The Spanish April Fool’s Day
The 28th of December in Spain and in Latin America is El Día de los Santos Inocentes.
In the same way as April Fool’s Day, on this day people play jokes on one another, so anything a bit unusual can happen to anyone at any time of the day.
Kids in the schools, people in work and in the streets, families at home and even the TV and the radio play ‘innocent’ jokes solely with the purpose of having a healthy laugh.
The paper dummy stuck on people’s backs is one of the typical jokes on this day, as well as changing the time on clocks, money glued onto the pavement, fake phone calls about many subjects such as infidelities, pretend fires, changing salt for sugar, and many others.
On this day, radio and TV always make an unexpected but somehow credible announcement that people have no option but to believe at the time, only later to find out it wasn’t true.
Curiously, the origin of the Santos Inocentes comes from a chapter in the bible referring to the massacre of all children aged under two, ordered by Herod.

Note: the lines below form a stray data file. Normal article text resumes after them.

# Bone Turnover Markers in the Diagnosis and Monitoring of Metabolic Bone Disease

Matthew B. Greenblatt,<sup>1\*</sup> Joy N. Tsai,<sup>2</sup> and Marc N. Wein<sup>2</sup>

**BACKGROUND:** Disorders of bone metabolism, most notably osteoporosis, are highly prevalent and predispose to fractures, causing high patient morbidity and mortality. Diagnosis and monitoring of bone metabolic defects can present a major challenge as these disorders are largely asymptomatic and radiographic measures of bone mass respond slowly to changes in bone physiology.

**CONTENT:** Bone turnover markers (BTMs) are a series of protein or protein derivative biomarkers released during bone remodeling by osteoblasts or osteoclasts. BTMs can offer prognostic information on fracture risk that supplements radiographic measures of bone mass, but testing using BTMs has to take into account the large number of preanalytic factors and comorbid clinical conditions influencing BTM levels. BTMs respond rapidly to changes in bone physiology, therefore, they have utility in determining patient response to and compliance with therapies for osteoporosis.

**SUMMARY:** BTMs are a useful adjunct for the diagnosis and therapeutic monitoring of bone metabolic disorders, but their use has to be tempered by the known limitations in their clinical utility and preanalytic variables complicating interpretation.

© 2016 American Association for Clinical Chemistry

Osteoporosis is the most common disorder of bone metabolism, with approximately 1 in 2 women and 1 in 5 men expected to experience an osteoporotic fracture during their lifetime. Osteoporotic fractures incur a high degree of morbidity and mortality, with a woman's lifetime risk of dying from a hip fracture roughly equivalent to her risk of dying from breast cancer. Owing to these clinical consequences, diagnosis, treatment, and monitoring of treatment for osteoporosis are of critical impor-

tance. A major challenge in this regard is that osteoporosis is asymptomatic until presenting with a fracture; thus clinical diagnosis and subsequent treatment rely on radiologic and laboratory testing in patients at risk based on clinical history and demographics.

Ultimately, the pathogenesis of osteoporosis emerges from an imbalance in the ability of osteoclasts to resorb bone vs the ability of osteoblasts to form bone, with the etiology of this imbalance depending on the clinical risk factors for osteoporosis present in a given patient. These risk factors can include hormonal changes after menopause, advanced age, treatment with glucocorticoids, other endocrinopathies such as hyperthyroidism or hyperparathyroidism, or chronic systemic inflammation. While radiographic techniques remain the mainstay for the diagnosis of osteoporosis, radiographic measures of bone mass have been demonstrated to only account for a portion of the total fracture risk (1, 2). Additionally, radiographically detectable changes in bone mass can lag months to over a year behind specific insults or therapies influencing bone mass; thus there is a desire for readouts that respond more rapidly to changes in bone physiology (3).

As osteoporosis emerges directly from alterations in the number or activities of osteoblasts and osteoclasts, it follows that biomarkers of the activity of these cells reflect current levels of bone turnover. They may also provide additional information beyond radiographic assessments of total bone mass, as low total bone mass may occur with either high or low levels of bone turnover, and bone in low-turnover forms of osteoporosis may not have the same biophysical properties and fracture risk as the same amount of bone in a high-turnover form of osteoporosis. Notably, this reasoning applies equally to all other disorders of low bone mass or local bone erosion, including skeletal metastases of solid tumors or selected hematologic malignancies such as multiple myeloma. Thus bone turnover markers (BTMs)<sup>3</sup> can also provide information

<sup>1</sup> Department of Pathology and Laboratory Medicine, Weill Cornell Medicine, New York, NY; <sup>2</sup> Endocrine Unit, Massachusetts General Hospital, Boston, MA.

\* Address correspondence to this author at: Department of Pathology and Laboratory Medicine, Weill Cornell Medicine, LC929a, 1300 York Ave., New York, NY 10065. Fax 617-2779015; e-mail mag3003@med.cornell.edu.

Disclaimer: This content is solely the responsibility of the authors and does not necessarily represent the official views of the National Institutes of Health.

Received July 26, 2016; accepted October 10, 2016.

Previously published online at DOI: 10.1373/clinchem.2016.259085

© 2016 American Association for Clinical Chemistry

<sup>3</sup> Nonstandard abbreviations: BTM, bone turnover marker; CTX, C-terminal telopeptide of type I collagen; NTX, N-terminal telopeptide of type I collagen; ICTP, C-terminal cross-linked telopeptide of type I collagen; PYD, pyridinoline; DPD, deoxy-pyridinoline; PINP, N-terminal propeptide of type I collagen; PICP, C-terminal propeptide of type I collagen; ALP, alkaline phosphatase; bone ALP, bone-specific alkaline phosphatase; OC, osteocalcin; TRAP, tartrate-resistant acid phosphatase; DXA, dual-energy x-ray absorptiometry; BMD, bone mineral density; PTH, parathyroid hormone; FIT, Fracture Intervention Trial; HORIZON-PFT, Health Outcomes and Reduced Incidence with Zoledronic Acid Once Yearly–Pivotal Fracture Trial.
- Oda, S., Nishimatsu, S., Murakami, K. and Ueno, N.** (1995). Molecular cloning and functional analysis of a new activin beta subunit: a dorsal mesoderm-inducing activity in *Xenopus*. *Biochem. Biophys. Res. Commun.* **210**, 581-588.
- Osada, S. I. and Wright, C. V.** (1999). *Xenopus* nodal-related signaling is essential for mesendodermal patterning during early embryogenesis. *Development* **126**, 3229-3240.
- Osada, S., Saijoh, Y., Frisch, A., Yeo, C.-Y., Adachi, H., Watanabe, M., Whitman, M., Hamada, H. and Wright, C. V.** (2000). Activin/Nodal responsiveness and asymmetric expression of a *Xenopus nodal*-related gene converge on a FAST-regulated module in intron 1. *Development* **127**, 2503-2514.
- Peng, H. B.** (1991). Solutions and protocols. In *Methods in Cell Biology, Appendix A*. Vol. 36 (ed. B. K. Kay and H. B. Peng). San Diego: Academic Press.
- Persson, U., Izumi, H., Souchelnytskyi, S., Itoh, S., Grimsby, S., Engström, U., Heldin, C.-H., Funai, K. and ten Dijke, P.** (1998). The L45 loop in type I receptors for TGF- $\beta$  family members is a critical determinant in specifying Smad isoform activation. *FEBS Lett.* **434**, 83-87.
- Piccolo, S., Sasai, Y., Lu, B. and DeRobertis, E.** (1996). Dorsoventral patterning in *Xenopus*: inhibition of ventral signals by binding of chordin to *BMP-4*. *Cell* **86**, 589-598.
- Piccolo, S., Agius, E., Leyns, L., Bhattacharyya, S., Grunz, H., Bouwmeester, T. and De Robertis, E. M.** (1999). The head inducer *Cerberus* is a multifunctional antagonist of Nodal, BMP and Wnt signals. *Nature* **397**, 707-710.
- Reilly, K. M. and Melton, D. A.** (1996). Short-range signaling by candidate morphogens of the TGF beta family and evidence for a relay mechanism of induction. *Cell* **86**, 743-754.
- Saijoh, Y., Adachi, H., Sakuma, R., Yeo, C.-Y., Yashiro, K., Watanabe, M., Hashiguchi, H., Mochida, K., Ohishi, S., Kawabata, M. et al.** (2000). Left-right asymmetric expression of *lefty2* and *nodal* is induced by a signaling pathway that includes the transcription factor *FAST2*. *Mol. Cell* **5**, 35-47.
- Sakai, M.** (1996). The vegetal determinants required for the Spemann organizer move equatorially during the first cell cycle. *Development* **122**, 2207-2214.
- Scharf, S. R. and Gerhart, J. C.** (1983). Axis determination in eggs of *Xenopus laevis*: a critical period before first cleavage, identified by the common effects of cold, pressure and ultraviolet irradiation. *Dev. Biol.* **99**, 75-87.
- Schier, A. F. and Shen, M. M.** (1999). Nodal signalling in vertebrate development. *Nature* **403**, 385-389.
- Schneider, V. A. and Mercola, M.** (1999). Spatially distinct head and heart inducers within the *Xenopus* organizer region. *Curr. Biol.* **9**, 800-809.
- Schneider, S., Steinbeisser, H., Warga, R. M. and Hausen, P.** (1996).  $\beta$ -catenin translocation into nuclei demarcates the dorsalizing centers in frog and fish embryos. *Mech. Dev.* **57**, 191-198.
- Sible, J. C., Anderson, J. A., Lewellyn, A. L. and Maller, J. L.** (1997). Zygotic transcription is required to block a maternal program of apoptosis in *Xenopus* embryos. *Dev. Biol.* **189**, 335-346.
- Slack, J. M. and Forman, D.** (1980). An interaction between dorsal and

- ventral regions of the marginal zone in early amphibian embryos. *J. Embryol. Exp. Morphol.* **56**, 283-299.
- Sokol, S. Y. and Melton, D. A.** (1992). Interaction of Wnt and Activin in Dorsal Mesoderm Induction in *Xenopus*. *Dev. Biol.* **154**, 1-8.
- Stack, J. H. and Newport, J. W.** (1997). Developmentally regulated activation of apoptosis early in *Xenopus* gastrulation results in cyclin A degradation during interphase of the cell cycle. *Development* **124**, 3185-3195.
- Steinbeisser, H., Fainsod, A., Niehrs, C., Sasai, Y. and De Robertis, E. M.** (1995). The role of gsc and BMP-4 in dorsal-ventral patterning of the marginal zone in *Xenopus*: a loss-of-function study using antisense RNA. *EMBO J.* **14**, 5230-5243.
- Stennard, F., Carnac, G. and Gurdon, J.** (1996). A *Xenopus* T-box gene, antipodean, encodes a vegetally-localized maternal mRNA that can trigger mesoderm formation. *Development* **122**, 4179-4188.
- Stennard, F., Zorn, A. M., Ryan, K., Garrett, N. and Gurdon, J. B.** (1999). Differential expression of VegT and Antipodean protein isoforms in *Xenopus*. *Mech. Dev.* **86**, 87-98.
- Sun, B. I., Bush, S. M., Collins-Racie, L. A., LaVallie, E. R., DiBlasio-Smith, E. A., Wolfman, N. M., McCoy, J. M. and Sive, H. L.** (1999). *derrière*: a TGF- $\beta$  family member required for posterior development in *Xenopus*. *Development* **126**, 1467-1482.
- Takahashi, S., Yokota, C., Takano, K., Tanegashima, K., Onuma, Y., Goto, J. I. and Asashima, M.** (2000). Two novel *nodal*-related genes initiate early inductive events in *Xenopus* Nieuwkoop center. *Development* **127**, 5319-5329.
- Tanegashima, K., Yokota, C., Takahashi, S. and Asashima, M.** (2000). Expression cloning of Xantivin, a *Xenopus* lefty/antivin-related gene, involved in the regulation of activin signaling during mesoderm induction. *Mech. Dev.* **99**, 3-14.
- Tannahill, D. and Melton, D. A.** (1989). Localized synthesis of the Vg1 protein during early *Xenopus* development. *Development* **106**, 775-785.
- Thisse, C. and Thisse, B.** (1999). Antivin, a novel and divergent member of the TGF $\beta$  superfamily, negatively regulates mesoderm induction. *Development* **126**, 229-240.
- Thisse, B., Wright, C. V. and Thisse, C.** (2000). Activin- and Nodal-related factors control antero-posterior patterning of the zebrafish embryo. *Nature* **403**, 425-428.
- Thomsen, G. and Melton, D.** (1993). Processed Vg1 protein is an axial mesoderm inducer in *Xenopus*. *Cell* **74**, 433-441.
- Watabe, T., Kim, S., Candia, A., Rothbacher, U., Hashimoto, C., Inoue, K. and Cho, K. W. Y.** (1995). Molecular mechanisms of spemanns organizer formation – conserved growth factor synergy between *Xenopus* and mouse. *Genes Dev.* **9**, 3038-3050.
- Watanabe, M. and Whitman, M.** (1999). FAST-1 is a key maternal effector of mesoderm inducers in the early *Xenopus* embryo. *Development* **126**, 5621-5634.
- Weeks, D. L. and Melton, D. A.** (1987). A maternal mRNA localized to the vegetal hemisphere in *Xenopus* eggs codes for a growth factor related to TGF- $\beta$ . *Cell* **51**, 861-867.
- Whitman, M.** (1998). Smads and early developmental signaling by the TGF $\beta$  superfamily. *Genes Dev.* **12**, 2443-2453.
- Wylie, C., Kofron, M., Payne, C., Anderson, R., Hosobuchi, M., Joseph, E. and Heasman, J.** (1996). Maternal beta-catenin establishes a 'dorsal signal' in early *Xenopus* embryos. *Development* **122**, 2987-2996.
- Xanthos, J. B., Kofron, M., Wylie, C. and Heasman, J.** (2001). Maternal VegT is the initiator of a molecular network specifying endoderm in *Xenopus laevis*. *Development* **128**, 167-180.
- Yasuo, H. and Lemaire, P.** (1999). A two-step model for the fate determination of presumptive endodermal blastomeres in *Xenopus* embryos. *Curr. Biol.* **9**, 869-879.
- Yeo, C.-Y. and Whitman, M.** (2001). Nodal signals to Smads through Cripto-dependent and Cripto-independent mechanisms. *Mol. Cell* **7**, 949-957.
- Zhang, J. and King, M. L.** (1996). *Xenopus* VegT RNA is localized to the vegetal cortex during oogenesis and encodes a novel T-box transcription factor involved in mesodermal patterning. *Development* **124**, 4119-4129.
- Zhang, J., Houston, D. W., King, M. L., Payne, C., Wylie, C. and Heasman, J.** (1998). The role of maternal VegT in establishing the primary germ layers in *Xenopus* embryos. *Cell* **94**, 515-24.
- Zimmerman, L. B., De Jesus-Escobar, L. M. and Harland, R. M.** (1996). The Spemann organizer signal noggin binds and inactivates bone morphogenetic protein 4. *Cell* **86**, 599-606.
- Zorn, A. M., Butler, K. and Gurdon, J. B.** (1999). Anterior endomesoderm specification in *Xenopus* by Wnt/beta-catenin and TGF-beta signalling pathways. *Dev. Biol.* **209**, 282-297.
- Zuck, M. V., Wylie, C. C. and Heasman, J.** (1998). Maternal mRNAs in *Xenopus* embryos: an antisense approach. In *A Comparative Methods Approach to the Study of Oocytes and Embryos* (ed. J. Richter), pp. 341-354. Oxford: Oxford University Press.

Once again, an originally Christian and serious topic is reverted into a humorous or more irreverent tradition, as with Halloween. Though the origin of the word Halloween is Christian, the holiday is commonly thought to have pagan roots (Celtic).
While the nature of the joking is meant to be lighthearted, in recent years El dia de los Santos Inocentes has also been hijacked by some scammers, so special attention should be paid to jokes related to money.
There is a Spanish movie called Los Santos Inocentes based in a book of the writer Miguel Delibes that describes the rural Spain of the 1960s and the tyrannical behaviour of landowners towards the uneducated and socially excluded peasants.